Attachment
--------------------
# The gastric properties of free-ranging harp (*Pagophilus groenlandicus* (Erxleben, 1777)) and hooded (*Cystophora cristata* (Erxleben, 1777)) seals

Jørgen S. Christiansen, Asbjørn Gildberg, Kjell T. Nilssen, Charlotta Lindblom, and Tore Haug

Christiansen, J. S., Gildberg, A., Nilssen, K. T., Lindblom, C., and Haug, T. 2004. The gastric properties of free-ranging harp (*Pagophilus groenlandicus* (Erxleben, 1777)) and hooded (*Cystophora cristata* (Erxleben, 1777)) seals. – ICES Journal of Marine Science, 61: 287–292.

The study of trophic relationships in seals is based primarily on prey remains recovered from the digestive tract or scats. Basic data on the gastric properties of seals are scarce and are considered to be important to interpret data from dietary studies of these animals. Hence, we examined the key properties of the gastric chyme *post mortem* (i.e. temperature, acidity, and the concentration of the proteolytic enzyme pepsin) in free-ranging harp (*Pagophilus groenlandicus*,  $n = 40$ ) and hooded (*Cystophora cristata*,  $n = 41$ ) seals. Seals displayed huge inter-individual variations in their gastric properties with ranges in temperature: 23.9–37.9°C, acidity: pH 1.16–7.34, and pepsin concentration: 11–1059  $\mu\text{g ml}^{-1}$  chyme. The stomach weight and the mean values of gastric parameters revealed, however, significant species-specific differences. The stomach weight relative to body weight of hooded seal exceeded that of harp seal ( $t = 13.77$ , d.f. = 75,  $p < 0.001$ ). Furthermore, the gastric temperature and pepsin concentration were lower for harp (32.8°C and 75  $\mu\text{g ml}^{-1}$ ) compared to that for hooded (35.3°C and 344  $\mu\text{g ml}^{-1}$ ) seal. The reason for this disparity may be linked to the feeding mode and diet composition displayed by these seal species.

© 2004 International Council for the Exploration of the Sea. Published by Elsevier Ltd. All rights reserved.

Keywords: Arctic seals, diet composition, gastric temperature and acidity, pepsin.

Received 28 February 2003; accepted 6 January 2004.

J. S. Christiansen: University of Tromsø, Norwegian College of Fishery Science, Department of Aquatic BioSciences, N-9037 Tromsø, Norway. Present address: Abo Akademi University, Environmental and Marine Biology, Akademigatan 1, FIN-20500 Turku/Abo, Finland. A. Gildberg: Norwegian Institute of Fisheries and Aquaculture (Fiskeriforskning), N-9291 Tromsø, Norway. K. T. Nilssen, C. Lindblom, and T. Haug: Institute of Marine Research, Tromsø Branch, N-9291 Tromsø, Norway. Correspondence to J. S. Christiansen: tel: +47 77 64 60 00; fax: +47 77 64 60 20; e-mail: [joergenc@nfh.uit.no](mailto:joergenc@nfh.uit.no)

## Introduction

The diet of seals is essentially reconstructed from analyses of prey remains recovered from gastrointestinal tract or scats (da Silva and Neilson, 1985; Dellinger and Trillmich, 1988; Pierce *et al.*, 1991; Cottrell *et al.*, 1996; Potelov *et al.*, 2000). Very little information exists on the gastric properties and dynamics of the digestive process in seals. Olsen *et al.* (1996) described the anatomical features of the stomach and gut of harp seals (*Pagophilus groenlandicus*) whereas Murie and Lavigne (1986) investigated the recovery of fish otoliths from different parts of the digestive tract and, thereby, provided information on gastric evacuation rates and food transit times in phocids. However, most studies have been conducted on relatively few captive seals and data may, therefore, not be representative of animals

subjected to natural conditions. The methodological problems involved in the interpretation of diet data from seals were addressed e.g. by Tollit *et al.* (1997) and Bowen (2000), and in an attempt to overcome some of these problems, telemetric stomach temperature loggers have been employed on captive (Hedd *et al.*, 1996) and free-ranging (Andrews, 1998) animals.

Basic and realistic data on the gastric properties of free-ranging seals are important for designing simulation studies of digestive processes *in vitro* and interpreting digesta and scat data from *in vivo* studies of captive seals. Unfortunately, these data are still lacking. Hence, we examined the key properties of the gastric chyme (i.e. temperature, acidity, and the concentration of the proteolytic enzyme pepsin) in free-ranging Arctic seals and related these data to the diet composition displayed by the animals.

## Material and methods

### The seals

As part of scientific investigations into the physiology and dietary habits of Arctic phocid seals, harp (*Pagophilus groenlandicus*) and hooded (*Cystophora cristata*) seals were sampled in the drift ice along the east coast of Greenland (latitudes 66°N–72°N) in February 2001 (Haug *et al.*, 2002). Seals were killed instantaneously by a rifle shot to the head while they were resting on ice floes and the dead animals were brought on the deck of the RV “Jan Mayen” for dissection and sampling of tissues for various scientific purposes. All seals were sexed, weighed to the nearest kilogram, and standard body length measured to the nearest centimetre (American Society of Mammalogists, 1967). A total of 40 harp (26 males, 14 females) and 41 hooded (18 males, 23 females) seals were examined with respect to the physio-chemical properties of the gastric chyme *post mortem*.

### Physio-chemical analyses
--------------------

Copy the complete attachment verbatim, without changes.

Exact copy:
# The gastric properties of free-ranging harp (*Pagophilus groenlandicus* (Erxleben, 1777)) and hooded (*Cystophora cristata* (Erxleben, 1777)) seals

Jørgen S. Christiansen, Asbjørn Gildberg, Kjell T. Nilssen, Charlotta Lindblom, and Tore Haug

Christiansen, J. S., Gildberg, A., Nilssen, K. T., Lindblom, C., and Haug, T. 2004. The gastric properties of free-ranging harp (*Pagophilus groenlandicus* (Erxleben, 1777)) and hooded (*Cystophora cristata* (Erxleben, 1777)) seals. – ICES Journal of Marine Science, 61: 287–292.

The study of trophic relationships in seals is based primarily on prey remains recovered from the digestive tract or scats. Basic data on the gastric properties of seals are scarce and are considered to be important to interpret data from dietary studies of these animals. Hence, we examined the key properties of the gastric chyme *post mortem* (i.e. temperature, acidity, and the concentration of the proteolytic enzyme pepsin) in free-ranging harp (*Pagophilus groenlandicus*,  $n = 40$ ) and hooded (*Cystophora cristata*,  $n = 41$ ) seals. Seals displayed huge inter-individual variations in their gastric properties with ranges in temperature: 23.9–37.9°C, acidity: pH 1.16–7.34, and pepsin concentration: 11–1059  $\mu\text{g ml}^{-1}$  chyme. The stomach weight and the mean values of gastric parameters revealed, however, significant species-specific differences. The stomach weight relative to body weight of hooded seal exceeded that of harp seal ( $t = 13.77$ , d.f. = 75,  $p < 0.001$ ). Furthermore, the gastric temperature and pepsin concentration were lower for harp (32.8°C and 75  $\mu\text{g ml}^{-1}$ ) compared to that for hooded (35.3°C and 344  $\mu\text{g ml}^{-1}$ ) seal. The reason for this disparity may be linked to the feeding mode and diet composition displayed by these seal species.

© 2004 International Council for the Exploration of the Sea. Published by Elsevier Ltd. All rights reserved.

Keywords: Arctic seals, diet composition, gastric temperature and acidity, pepsin.

Received 28 February 2003; accepted 6 January 2004.

J. S. Christiansen: University of Tromsø, Norwegian College of Fishery Science, Department of Aquatic BioSciences, N-9037 Tromsø, Norway. Present address: Abo Akademi University, Environmental and Marine Biology, Akademigatan 1, FIN-20500 Turku/Abo, Finland. A. Gildberg: Norwegian Institute of Fisheries and Aquaculture (Fiskeriforskning), N-9291 Tromsø, Norway. K. T. Nilssen, C. Lindblom, and T. Haug: Institute of Marine Research, Tromsø Branch, N-9291 Tromsø, Norway. Correspondence to J. S. Christiansen: tel: +47 77 64 60 00; fax: +47 77 64 60 20; e-mail: [joergenc@nfh.uit.no](mailto:joergenc@nfh.uit.no)

## Introduction

The diet of seals is essentially reconstructed from analyses of prey remains recovered from gastrointestinal tract or scats (da Silva and Neilson, 1985; Dellinger and Trillmich, 1988; Pierce *et al.*, 1991; Cottrell *et al.*, 1996; Potelov *et al.*, 2000). Very little information exists on the gastric properties and dynamics of the digestive process in seals. Olsen *et al.* (1996) described the anatomical features of the stomach and gut of harp seals (*Pagophilus groenlandicus*) whereas Murie and Lavigne (1986) investigated the recovery of fish otoliths from different parts of the digestive tract and, thereby, provided information on gastric evacuation rates and food transit times in phocids. However, most studies have been conducted on relatively few captive seals and data may, therefore, not be representative of animals

subjected to natural conditions. The methodological problems involved in the interpretation of diet data from seals were addressed e.g. by Tollit *et al.* (1997) and Bowen (2000), and in an attempt to overcome some of these problems, telemetric stomach temperature loggers have been employed on captive (Hedd *et al.*, 1996) and free-ranging (Andrews, 1998) animals.

Basic and realistic data on the gastric properties of free-ranging seals are important for designing simulation studies of digestive processes *in vitro* and interpreting digesta and scat data from *in vivo* studies of captive seals. Unfortunately, these data are still lacking. Hence, we examined the key properties of the gastric chyme (i.e. temperature, acidity, and the concentration of the proteolytic enzyme pepsin) in free-ranging Arctic seals and related these data to the diet composition displayed by the animals.

## Material and methods

### The seals

As part of scientific investigations into the physiology and dietary habits of Arctic phocid seals, harp (*Pagophilus groenlandicus*) and hooded (*Cystophora cristata*) seals were sampled in the drift ice along the east coast of Greenland (latitudes 66°N–72°N) in February 2001 (Haug *et al.*, 2002). Seals were killed instantaneously by a rifle shot to the head while they were resting on ice floes and the dead animals were brought on the deck of the RV “Jan Mayen” for dissection and sampling of tissues for various scientific purposes. All seals were sexed, weighed to the nearest kilogram, and standard body length measured to the nearest centimetre (American Society of Mammalogists, 1967). A total of 40 harp (26 males, 14 females) and 41 hooded (18 males, 23 females) seals were examined with respect to the physio-chemical properties of the gastric chyme *post mortem*.

### Physio-chemical analyses